Members of the Amphiphysin protein family are key regulators in the early steps of endocytosis, involved in the formation of clathrin-coated vesicles by promoting the assembly of a protein complex at the plasma membrane and directly assist in the induction of the high curvature of the membrane at the neck of the vesicle. Amphiphysins contain a characteristic domain, known as the BAR (Bin-Amphiphysin-Rvs)-domain, which is required for their in vivo function and their ability to tubulate membranes [PUBMED:14993925].

The crystal structure of these proteins suggest the domain forms a crescent-shaped dimer of a three-helix coiled coil with a characteristic set of conserved hydrophobic, aromatic and hydrophilic amino acids. Proteins containing this domain have been shown to homodimerise, heterodimerise or, in a few cases, interact with small GTPases.

This entry identifies several fungal BAR domain-containing proteins, such as Gvp36, that are not detected by INTERPRO [PUBMED:18156177].

Domain organisation

Below is a listing of the unique domain organisations or architectures in which this domain is found. More...

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Pfam Clan

This family is a member of clan Golgi-transport (CL0145), which has the following description:

This clan contains families that are involved in intracellular transport and signalling. Arfaptins are proteins which interact with small GTPases involved in vesicular budding at the Golgi complex. They form an elongated dimer of three helix coiled coils and are structurally very similar to the BAR domain [1][2]. The Sec34 family is involved in tethering vesicles to the Golgi [3].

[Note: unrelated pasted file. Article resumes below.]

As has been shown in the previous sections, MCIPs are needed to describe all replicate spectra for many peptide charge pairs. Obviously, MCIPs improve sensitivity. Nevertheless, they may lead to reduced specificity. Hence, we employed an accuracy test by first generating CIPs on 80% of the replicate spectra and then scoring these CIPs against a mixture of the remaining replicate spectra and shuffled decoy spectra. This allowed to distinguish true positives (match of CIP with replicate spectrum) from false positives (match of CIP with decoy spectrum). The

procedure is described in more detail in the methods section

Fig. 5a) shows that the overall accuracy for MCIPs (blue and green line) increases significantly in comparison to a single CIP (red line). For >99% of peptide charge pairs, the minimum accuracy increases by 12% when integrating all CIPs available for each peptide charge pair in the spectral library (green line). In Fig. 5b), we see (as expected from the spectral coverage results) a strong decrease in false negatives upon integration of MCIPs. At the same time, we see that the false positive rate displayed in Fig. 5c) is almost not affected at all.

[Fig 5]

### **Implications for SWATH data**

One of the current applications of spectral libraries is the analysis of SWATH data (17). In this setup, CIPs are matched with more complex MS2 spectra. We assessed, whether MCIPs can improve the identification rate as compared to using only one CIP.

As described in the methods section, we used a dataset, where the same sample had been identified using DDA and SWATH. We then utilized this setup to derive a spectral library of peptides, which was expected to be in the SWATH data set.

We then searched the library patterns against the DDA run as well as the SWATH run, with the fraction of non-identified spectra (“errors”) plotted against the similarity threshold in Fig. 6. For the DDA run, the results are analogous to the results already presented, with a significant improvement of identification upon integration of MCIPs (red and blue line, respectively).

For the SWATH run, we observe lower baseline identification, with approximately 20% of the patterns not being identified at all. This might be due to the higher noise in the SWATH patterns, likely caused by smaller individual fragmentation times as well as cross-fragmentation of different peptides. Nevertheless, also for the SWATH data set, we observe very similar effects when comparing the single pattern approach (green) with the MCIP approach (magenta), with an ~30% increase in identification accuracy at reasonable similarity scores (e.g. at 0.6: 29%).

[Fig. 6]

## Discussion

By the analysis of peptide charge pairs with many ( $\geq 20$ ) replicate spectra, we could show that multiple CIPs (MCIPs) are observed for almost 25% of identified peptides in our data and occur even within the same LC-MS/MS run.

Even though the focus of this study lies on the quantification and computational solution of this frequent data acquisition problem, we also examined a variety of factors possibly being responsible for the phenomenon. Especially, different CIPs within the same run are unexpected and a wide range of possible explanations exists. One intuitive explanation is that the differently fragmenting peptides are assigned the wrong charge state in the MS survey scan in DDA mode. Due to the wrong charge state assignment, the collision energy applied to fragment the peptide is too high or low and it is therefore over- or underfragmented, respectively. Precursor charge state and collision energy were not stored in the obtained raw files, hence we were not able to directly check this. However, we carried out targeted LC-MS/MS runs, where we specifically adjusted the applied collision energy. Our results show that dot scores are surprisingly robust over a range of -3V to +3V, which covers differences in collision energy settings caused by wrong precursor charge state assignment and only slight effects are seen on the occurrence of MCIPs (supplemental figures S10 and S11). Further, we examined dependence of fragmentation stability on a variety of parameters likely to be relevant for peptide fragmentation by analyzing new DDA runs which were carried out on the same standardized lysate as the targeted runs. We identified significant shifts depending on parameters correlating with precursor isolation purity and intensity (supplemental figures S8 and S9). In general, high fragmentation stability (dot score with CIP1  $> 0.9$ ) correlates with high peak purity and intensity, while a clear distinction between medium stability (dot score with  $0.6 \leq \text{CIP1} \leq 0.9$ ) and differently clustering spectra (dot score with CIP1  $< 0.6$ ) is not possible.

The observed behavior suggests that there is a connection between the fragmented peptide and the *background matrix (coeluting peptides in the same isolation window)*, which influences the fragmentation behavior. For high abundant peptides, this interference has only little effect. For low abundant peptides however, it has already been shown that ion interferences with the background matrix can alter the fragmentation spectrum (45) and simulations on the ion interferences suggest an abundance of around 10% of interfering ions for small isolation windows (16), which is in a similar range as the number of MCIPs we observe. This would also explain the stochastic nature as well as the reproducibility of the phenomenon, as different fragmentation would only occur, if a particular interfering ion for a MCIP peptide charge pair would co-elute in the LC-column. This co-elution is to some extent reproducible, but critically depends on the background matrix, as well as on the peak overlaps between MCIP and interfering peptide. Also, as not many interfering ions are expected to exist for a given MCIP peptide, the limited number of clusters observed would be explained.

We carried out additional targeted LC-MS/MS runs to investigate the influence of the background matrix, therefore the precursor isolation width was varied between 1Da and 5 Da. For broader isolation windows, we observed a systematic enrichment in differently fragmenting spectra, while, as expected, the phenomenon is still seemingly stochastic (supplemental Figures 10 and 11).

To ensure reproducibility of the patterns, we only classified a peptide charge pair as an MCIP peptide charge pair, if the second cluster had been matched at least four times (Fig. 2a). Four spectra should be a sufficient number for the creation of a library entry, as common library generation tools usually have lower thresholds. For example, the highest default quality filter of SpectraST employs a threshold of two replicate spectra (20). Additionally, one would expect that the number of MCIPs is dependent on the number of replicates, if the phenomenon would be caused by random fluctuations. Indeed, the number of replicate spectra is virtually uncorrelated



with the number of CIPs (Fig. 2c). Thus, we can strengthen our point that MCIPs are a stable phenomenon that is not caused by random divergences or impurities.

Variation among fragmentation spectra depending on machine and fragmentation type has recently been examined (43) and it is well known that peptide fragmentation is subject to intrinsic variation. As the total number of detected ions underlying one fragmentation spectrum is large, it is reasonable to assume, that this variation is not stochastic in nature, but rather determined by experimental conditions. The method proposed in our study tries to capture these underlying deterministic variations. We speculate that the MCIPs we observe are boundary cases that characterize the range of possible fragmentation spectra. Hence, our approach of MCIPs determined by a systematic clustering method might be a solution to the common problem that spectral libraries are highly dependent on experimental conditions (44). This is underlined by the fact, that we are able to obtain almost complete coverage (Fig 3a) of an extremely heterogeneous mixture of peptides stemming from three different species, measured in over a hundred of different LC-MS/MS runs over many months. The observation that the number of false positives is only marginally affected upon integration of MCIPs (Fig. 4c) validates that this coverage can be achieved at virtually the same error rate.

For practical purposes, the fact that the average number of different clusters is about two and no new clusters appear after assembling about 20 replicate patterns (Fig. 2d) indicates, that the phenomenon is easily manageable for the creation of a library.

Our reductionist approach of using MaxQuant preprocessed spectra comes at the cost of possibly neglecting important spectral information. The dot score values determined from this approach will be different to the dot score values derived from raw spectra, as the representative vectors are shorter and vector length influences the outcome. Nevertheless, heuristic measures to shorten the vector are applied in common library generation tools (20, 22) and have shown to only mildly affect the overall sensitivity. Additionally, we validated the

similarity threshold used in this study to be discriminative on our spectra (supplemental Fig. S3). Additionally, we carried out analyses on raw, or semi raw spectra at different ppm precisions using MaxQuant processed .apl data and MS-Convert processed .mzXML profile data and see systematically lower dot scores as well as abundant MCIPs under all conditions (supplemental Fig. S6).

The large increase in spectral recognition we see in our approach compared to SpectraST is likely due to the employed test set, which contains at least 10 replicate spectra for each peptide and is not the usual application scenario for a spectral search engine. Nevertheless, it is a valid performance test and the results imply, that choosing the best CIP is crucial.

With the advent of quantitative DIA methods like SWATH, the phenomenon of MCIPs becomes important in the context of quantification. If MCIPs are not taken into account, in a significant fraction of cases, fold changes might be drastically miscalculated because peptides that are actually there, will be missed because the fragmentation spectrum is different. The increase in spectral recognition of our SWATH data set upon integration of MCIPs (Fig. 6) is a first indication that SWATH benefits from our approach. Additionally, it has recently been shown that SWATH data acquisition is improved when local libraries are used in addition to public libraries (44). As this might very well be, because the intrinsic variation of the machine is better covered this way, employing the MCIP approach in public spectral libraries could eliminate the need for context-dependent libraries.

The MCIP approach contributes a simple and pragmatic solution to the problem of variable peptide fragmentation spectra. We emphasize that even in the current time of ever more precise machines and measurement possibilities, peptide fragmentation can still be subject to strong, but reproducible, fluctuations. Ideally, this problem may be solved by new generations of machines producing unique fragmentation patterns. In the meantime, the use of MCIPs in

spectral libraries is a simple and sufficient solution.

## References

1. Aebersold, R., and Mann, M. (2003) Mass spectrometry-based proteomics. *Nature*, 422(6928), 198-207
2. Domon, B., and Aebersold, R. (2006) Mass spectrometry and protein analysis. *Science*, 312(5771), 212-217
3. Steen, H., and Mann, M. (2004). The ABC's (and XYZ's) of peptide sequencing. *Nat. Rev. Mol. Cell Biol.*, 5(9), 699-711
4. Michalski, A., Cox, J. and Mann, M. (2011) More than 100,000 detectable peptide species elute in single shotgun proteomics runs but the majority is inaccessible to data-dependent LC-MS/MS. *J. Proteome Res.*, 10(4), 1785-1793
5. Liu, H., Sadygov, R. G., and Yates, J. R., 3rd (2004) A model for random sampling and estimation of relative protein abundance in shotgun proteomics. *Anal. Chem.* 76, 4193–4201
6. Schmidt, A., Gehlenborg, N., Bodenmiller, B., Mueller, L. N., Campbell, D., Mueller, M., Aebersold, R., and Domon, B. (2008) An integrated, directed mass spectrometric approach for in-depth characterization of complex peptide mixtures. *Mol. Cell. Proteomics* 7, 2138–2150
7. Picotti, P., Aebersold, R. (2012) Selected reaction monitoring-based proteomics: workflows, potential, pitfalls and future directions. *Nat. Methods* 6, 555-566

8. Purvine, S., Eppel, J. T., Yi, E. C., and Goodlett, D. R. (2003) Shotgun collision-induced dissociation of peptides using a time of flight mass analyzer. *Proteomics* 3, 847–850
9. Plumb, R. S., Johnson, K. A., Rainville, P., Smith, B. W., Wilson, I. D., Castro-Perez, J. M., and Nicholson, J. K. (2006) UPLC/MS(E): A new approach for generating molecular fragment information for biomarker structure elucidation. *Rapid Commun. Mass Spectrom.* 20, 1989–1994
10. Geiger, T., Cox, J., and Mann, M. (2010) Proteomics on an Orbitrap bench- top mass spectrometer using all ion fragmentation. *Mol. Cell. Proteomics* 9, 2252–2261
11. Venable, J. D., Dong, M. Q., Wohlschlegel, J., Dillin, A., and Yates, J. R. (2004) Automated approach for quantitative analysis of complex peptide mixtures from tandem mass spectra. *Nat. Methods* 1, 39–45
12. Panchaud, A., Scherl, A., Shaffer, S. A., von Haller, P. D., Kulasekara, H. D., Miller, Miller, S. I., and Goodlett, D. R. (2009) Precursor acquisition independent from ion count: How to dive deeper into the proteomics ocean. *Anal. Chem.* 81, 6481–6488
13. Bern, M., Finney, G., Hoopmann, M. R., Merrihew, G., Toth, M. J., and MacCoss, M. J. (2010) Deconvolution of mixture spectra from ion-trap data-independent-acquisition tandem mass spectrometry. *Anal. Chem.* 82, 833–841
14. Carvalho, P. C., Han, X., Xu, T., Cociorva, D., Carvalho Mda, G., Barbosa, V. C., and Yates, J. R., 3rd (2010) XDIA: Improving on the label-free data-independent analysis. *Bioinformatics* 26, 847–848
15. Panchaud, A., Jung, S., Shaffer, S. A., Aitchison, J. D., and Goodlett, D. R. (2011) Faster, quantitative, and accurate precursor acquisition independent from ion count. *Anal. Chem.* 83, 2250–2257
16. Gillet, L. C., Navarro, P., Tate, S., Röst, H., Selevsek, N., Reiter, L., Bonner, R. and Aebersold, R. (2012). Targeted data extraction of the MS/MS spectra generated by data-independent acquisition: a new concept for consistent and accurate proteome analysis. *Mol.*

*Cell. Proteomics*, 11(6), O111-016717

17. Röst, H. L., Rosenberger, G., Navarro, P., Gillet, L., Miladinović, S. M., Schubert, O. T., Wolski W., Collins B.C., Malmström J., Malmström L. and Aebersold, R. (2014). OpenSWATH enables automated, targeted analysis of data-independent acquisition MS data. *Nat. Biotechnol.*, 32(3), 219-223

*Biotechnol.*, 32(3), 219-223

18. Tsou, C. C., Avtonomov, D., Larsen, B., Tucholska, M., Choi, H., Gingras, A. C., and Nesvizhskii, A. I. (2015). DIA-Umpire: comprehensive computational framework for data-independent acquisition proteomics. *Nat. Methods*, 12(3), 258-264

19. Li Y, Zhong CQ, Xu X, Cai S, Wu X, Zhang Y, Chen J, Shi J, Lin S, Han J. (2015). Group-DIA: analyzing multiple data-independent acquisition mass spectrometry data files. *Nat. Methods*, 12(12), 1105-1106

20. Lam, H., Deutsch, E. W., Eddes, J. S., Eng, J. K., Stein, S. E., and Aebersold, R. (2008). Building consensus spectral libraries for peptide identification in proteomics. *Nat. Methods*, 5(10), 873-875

The clan contains the following 9 members:

Arfaptin BAR BAR_2 BAR_3 BAR_3_WASP_bdg FAM92 FCH IMD Vps5


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Curation View help on the curation process

Seed source: Pfam-B_12557 (release 22.0)
Previous IDs: none
Type: Family
Author: Mistry J, Wood V
Number in seed: 10
Number in full: 460
Average length of the domain: 268.90 aa
Average identity of full alignment: 44 %
Average coverage of the sequence by the domain: 81.75 %

HMM information View help on HMM parameters

HMM build commands:
build method: hmmbuild -o /dev/null HMM SEED
search method: hmmsearch -Z 26740544 -E 1000 --cpu 4 HMM pfamseq
Model details:
Parameter Sequence Domain
Gathering cut-off 25.4 25.4
Trusted cut-off 25.4 25.4
Noise cut-off 25.3 25.3
Model length: 289
Family (HMM) version: 8
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Archea Archea Eukaryota Eukaryota
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Viruses Viruses Unclassified Unclassified
Viroids Viroids Unclassified sequence Unclassified sequence